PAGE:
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name of Justice Shallow; he has given him very near the same. coat of arms which Dugdale, in his Antiquities of that county, describes for a family there, and makes the "Velsh parson descant very pleasantly upon them. That whole play is admirable; the humours are various and well opposed; the main design, which is to cure Ford of his unreasonable jealousy, is extremely well conducted. In Twelfth Night there is something fingularly ridiculous and pleasant in the fantastical steward Malvolio. Ilie parasite and the vain-glorious in Parolles, in All's Well that Ends Well, is as good as any thing of that kind in Plautus or Terence. Pc. truchio, in The Taming of the Shrew, is an uncommon piece of humour. Tlie conversation of Benedick and Beatrice, in Much Ado about Nothing, and of Rosalind, in As you like it, have much wit and sprightliness all along. His clowns, without which character there was hardly any play writ in that time, are all very entertaining : and, I believe, Thersites in Troilus and Crefida, and Apemantus in Timon, will be allowed to be inafter-pieces of illnature, and satirical snarling. To these I might add, that incomparable character of Shylock the Jew, in The Merchant of Venice; but though we have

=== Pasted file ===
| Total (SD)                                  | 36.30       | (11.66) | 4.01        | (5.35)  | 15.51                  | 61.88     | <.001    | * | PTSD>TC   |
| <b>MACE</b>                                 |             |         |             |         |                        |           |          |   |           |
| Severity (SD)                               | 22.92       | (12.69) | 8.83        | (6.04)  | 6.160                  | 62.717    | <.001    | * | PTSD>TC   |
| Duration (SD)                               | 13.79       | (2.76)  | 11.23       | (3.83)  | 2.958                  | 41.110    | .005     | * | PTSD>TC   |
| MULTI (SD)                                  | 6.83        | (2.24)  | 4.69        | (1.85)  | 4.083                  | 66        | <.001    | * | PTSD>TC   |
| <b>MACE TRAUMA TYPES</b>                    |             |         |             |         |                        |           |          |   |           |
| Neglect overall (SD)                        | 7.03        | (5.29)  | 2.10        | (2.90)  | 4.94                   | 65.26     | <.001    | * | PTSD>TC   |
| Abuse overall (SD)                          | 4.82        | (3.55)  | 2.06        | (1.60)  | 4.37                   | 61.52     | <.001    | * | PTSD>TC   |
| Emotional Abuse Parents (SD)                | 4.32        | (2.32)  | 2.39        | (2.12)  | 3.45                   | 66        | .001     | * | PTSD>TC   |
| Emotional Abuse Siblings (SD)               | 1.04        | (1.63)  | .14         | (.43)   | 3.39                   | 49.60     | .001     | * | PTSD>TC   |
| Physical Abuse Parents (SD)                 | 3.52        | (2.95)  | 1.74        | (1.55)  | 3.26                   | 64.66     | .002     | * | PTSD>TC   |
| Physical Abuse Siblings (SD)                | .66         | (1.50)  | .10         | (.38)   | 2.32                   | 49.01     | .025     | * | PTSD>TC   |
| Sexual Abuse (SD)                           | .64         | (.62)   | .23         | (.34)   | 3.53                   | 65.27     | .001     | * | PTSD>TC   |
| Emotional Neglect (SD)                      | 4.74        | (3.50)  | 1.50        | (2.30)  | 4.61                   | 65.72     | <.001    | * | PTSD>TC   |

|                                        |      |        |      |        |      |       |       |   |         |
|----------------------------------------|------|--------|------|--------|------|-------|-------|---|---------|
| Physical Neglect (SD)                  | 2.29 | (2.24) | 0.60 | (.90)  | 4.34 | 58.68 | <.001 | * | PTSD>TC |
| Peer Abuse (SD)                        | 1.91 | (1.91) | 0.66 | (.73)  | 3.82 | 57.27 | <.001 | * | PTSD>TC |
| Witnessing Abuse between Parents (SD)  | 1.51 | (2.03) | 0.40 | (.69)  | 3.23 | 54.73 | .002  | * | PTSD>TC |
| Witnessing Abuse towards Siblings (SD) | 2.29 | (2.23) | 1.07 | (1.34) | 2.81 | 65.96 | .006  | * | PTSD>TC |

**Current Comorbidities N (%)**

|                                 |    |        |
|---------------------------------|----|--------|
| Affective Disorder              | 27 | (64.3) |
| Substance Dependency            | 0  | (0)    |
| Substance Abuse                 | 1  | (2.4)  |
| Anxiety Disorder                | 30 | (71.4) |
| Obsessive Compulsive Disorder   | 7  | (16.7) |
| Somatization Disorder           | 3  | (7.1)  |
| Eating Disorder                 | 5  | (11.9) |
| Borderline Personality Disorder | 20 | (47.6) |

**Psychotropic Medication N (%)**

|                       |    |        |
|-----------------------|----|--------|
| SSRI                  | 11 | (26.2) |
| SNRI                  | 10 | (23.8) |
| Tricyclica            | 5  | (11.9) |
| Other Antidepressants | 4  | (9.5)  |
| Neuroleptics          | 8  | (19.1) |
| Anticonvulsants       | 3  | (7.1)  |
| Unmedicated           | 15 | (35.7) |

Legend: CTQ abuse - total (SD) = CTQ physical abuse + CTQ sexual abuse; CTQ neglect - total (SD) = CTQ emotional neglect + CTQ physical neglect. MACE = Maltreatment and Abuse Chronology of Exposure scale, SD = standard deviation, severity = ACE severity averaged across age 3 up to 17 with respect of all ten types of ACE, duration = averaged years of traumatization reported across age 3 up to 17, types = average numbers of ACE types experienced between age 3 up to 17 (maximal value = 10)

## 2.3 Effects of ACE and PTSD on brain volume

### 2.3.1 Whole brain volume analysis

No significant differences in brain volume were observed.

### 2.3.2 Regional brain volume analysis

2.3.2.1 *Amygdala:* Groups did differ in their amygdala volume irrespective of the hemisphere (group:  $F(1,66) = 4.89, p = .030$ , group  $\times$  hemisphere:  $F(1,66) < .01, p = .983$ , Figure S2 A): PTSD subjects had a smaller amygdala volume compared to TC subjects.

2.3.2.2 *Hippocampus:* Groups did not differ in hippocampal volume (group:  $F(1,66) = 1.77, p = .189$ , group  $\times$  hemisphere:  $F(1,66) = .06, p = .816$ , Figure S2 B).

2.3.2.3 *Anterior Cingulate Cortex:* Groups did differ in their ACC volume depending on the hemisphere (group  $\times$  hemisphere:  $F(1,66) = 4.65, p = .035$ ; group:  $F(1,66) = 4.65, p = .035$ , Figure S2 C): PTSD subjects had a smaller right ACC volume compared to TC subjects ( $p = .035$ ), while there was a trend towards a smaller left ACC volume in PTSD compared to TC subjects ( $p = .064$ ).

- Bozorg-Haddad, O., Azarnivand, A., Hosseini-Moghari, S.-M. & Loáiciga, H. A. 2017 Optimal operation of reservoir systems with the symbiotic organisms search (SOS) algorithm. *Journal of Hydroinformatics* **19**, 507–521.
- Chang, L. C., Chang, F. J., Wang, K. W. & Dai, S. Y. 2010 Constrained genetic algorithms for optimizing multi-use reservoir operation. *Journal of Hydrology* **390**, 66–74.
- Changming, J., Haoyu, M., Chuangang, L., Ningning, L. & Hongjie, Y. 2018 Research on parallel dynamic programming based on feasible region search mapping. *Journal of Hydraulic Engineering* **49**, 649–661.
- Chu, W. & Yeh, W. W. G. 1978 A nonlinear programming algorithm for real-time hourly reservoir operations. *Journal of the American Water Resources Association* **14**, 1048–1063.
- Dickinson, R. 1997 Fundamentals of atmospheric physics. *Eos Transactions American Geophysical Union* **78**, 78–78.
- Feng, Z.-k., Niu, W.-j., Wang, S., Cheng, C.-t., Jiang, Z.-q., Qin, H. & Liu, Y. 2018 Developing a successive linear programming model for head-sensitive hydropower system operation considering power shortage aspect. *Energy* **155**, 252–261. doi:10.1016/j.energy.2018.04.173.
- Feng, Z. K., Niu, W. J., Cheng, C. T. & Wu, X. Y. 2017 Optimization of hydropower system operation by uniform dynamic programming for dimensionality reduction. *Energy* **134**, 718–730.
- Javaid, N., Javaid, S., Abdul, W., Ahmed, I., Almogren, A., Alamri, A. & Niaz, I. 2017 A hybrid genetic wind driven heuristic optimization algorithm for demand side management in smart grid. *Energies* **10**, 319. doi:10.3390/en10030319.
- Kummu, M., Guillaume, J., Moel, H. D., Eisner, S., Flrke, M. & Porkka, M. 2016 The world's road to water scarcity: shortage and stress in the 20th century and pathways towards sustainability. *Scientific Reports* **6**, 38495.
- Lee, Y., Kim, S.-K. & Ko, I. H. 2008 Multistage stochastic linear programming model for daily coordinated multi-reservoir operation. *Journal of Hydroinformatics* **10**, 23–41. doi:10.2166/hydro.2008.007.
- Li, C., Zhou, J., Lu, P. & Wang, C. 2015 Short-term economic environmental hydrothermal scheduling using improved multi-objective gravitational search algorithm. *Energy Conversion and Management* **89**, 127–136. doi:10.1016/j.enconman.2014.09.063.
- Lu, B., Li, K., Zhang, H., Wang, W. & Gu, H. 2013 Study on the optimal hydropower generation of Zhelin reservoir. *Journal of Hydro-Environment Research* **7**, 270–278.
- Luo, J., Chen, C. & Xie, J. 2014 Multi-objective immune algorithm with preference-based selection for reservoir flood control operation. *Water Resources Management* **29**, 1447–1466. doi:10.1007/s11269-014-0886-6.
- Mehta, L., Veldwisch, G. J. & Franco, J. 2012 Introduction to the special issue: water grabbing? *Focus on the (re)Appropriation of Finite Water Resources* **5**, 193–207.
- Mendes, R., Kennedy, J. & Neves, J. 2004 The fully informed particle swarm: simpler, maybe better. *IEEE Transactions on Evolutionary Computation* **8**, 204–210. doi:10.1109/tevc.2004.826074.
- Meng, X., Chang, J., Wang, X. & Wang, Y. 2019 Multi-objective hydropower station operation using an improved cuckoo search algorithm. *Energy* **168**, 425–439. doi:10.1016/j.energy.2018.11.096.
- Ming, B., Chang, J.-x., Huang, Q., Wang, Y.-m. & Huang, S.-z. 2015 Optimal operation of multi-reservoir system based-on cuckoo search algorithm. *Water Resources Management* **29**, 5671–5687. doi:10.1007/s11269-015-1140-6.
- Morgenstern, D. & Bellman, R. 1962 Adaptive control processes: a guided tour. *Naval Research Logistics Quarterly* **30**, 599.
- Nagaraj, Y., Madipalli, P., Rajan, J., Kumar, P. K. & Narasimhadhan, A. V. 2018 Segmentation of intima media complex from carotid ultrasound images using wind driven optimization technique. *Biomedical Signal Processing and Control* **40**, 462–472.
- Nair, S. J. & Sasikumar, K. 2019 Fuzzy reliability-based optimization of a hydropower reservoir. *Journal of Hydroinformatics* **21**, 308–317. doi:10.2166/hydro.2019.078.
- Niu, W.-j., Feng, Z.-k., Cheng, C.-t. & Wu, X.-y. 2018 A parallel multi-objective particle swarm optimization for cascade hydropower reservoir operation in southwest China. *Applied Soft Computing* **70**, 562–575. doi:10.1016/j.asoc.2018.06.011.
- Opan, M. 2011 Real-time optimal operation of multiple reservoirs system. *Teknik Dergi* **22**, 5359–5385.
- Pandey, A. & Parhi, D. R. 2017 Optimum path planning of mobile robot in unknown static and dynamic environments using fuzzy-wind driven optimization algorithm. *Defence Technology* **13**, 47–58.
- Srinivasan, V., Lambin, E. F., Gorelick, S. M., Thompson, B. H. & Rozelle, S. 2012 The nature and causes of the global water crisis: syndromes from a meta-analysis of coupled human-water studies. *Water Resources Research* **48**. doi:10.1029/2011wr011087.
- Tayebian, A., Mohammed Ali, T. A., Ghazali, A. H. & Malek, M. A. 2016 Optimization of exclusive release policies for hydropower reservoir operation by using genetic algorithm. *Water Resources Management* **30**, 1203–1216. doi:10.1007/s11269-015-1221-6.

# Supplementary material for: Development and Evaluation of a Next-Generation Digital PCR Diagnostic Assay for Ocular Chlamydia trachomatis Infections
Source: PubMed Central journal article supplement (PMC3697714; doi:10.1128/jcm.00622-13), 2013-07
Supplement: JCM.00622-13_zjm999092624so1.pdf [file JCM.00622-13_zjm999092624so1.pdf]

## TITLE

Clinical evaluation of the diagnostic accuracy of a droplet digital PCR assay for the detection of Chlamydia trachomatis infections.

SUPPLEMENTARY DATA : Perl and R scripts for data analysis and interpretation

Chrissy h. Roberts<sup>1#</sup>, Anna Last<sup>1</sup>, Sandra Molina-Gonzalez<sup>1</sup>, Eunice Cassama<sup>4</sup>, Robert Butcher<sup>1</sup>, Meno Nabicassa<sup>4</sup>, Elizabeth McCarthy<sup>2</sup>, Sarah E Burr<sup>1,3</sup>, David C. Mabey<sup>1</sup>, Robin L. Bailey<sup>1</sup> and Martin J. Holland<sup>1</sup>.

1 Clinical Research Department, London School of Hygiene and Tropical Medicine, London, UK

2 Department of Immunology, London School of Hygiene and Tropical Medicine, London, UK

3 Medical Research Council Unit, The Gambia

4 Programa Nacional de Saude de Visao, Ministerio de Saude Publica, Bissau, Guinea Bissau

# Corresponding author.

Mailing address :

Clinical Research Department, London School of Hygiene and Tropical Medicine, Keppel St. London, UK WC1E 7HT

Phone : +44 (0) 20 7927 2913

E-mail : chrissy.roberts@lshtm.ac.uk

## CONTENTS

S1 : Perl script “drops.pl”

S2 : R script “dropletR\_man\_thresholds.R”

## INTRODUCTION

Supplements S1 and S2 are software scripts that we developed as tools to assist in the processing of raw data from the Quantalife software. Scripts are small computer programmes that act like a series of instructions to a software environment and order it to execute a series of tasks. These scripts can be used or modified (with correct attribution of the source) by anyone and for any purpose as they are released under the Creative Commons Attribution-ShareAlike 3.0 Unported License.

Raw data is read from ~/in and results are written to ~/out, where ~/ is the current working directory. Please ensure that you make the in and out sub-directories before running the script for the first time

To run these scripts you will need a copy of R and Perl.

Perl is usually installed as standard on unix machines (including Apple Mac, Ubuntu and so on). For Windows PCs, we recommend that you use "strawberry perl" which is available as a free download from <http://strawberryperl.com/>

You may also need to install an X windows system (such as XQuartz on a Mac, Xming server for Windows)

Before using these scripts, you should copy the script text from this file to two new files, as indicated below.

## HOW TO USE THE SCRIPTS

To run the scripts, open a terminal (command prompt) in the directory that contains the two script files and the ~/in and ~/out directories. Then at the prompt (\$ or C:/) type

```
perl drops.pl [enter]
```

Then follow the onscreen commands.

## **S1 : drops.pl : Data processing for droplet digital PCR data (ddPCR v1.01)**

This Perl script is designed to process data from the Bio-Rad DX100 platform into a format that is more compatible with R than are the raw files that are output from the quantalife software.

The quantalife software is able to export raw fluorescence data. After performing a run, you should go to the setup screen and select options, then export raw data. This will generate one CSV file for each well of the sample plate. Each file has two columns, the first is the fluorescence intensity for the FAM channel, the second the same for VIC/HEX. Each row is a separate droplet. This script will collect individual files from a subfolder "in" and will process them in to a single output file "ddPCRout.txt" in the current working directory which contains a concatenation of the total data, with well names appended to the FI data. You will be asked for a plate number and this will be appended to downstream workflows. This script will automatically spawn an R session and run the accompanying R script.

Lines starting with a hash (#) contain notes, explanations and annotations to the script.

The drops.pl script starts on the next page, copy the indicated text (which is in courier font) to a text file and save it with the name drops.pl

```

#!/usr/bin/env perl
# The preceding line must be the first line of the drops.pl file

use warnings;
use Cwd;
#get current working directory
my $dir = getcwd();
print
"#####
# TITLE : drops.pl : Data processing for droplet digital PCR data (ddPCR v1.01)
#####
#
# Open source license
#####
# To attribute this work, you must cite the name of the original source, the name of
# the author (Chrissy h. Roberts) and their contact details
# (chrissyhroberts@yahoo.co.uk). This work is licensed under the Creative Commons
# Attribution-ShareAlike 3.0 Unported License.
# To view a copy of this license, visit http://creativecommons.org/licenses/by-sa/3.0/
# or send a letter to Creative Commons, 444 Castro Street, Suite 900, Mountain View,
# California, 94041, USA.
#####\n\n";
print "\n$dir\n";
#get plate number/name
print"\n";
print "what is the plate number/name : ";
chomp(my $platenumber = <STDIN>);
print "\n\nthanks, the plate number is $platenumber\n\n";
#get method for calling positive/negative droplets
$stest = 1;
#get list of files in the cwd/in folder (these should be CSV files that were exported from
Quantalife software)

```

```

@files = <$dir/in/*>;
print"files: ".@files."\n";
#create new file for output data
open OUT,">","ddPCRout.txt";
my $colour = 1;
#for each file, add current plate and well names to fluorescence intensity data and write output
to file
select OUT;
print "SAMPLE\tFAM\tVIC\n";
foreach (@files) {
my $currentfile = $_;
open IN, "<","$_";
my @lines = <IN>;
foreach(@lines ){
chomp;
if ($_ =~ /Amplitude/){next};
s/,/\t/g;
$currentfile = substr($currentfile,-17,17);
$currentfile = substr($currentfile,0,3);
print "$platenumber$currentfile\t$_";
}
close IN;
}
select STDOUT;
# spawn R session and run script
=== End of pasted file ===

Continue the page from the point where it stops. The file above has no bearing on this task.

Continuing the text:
the same coat of arms which Dugdale, in his Antiquities of that county, describes for a family there, ] There are two coats, I observe in Duguale, where three silver fishes are borne in the name of L’icy; and another coat to the mos

ment of Thomas Lucy, son of Sir William Lucy, in which are quartered in four several divilions, twelve little fishes, three in each division, probably l!cces. This very coat, indeed, seems alluded to in Shallow's giving the dozen' white luces, and in Slender's saying he may quarter. THEOBALD.

seen that play received and acted as a comedy,' and the part of the Jew performed by an excellent comedian, yet I cannot but think it was designed tragically by the author. There appears in it such a deadly spirit of revenge, such a favage fierceness and fellness, and such a bloody designation of cruelty and mischief, as cannot agree either with the stile or characters of comedy. The play itself, take it altogether, seems to me to be one of the most finished of any of Shakspeare's. The tale indeed, in that part relating to the caskets, and the extravagant and unusual kind of bond given by Antonio, is too much removed from the rules of probability; but taking the fact for granted, we must allow it to be very beautifully written.

There is something in the friendship of Antonio to Bassanio very great, generous, and tender.

The whole fourth act (sup: posing, as I said, the fact to be probable) is extremely fine.

But there are two passages that deserve a particular notice. The first is, what Portia says in praise of mercy, and the other on thę power of inufick. The melancholy of Jaques, in As you like it, is as fingular and odd as it is diverting. And if, what Horace says,

" Difficile est proprie communia dicere."

but though we have seen that play received and acted as a comedy, ] In 1701 Lord Lansdown produced his alteration of The Merchant of Venice, at the theatre in Lincoln's-InnFields, under the title of The Jew of Venice, and expressly calls it a comedy. Shylock was performed by Mr. Dogget.